Working with glass also created a level of challenges that are not apparent in other materials. “It’s a very old material it’s a very organic material and a very unforgiving material,” he said. “The technology in many ways really limits your flexibility rather than enhancing it. It does very specific things and you have to work with it in a specific way.”
One thing that remains unchanged on the bottle is the Bras Armé, the Hennessy family coat-of-arms that symbolizes the Hennessy brand. The arm and axe refer to founder Richard Hennessy’s military service, earning the Irishman French citizenship and lands in grape growing regions around Cognac.
Another thing that remains unchanged is what’s in the bottle. Hennessy takes great pains to maintain the consistency of its X.O Cognac, which is quite a feat when considering, among other things, the variations in the quality of the grapes, weather related changes and the inconsistencies of the double distilling process the liquid must undergo to be considered Cognac as well as the aging process. The Hennessy Comité de Dégustation (tasting committee) has defined and maintained seven distinct features of Hennessy X.O. They are as follows:
Sweet Notes: Flavors of candied fruit and the faint sweetness of oranges fuses with the subtle tartness of apricots.
Flowing Flame: A wave of warmth breaks into immense roundness. Robust and voluptuous.
Rising Heat: Warm fruit flavors lead into a sensation of rising heat, slowly revealing the complex taste.
Chocolate Lull: The familiar, well-rounded flavor of a rich, dark chocolate.
Spicy Edge: A strong spicy note with distinct peppery overnotes.
Wood Crunches: The striking sensation of oak notes interlaced with vanilla makes its presence felt and then subsides.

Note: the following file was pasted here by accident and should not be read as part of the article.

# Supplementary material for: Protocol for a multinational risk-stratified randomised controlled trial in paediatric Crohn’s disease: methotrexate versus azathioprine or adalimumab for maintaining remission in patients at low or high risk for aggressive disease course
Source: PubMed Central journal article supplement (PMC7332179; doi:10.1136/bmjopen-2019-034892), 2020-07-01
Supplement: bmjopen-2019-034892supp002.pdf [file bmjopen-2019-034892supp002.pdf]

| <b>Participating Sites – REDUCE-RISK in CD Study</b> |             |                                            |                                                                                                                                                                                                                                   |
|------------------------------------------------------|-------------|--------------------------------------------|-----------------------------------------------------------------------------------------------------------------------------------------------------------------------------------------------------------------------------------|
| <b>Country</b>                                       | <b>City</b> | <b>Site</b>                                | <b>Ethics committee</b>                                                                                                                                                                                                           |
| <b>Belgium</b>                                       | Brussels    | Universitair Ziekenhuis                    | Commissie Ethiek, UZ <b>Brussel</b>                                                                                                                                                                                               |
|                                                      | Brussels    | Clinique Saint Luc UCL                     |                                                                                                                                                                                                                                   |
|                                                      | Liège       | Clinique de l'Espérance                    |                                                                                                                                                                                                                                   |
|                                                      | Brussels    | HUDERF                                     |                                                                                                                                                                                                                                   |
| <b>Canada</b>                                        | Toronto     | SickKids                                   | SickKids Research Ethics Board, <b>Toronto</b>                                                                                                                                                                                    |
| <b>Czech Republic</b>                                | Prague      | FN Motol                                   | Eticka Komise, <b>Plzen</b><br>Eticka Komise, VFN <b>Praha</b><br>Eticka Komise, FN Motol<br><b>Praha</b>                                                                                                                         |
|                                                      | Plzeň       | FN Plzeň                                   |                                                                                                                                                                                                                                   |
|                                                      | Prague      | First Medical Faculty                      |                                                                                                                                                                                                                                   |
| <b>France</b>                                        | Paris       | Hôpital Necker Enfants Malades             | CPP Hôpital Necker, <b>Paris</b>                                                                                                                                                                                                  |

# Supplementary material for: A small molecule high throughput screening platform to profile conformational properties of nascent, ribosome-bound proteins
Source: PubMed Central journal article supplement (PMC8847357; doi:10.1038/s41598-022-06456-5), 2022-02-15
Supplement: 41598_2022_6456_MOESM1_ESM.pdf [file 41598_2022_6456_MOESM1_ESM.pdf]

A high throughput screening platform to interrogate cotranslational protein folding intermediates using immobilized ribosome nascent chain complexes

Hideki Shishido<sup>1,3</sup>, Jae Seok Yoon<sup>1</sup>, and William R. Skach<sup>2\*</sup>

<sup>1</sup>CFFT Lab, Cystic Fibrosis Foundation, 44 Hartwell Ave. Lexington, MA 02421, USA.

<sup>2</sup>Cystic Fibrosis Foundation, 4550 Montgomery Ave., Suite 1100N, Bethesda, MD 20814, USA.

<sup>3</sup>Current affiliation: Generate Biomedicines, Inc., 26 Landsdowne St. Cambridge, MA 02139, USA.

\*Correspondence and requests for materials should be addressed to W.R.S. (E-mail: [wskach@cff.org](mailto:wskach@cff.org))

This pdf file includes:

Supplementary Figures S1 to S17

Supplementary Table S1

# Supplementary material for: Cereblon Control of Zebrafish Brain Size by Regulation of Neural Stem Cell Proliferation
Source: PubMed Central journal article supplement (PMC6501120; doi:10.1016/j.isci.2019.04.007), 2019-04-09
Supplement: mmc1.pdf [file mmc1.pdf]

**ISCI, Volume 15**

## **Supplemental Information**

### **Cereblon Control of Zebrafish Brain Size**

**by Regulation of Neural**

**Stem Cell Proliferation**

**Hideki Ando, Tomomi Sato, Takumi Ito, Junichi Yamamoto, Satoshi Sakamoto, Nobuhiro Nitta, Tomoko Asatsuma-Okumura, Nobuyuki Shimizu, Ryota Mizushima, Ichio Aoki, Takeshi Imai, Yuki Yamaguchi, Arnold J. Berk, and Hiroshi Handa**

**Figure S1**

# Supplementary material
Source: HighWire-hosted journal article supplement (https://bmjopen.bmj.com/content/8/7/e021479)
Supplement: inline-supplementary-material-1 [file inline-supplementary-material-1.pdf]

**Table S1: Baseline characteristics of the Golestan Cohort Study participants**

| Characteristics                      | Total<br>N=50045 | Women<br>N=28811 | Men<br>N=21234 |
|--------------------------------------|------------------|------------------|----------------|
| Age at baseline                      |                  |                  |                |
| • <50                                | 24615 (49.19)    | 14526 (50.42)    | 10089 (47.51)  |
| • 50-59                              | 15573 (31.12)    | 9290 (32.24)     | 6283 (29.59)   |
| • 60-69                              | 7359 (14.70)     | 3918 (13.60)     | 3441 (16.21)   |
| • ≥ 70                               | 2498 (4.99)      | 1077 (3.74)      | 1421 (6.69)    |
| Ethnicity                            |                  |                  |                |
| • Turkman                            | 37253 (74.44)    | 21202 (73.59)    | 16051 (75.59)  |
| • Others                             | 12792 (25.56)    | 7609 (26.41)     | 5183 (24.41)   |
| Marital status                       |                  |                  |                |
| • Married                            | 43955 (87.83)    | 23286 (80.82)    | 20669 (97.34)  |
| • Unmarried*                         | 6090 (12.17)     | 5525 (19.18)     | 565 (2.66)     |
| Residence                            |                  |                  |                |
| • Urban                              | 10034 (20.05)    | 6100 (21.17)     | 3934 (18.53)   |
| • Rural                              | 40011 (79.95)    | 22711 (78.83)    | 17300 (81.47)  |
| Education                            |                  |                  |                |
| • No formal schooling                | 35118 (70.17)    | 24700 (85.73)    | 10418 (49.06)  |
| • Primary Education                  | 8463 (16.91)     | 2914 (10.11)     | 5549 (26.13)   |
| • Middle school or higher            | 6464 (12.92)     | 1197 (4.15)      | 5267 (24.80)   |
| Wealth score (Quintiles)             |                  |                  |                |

Infinite Echo: Evanescent oak notes leave a long, omnipresent finish, echoing the subtleties of each flavor and the complexity of Hennessy X.O’s blending and long aging process.
Newson said what is perhaps his greatest influence in his design is his visits to the factory, the town of Cognac and the grape-growing region that surrounds the town.
“The Cognac region in France completely and utterly signifies the brand. For one thing there’s no mistaking when you go to Cognac why you’re there. The moment you arrive there’s an important sense of history and the history of the product,” he said. “This sense of history is extremely powerful and profound, not only in a physical way but a psychological way…. It’s a wonderfully inspiring place and it’s also a very beautiful place geographically, so it’s an extremely pleasant experience.”
Turning Grapes into Cognac:
To be sold to the public, a Cognac must have been aged in oak cask for at least two years counting from the end of the distillation period, April 1 of the year following the harvest. Once bottled, a Cognac, unlike wine, doesn’t evolve anymore. Therefore it retains the same age indefinitely.
Cognac is a blend of the distilled beverages (known as eaux-de-vie) from different ages (for larger operations it includes different distilleries and vineyards). This blending of different eaux-de-vie is important to obtain a complexity of flavors absent from an eau-de-vie from a single year, distillery or vineyard. The Bureau National Interprofessionnel du Cognac (BINC) is in charge of controlling the stocks and the age of maturing Cognac. It codified the use of the designations based on the length of ageing of the youngest Cognac in the blend.
The most widely used designations are as follows:
V.S. (Very Special) or *** (3 stars): Cognacs whose youngest eau-de-vie is at least two years old.
V.S.O.P. (Very Superior Old Pale), Reserve: Cognacs whose youngest eau-de-vie is at least four years old.
Napoléon, X.O (Extra Old), Hors d’âge: Cognacs whose youngest eau-de-vie is at least six years old.
Generally speaking, Cognac master blenders use eaux-de-vie that are much older than the minimum requirement for their blends, according to BINC. In fact, the most prestigious designations may have aged for dozens of years in oak casks before being presented to the public.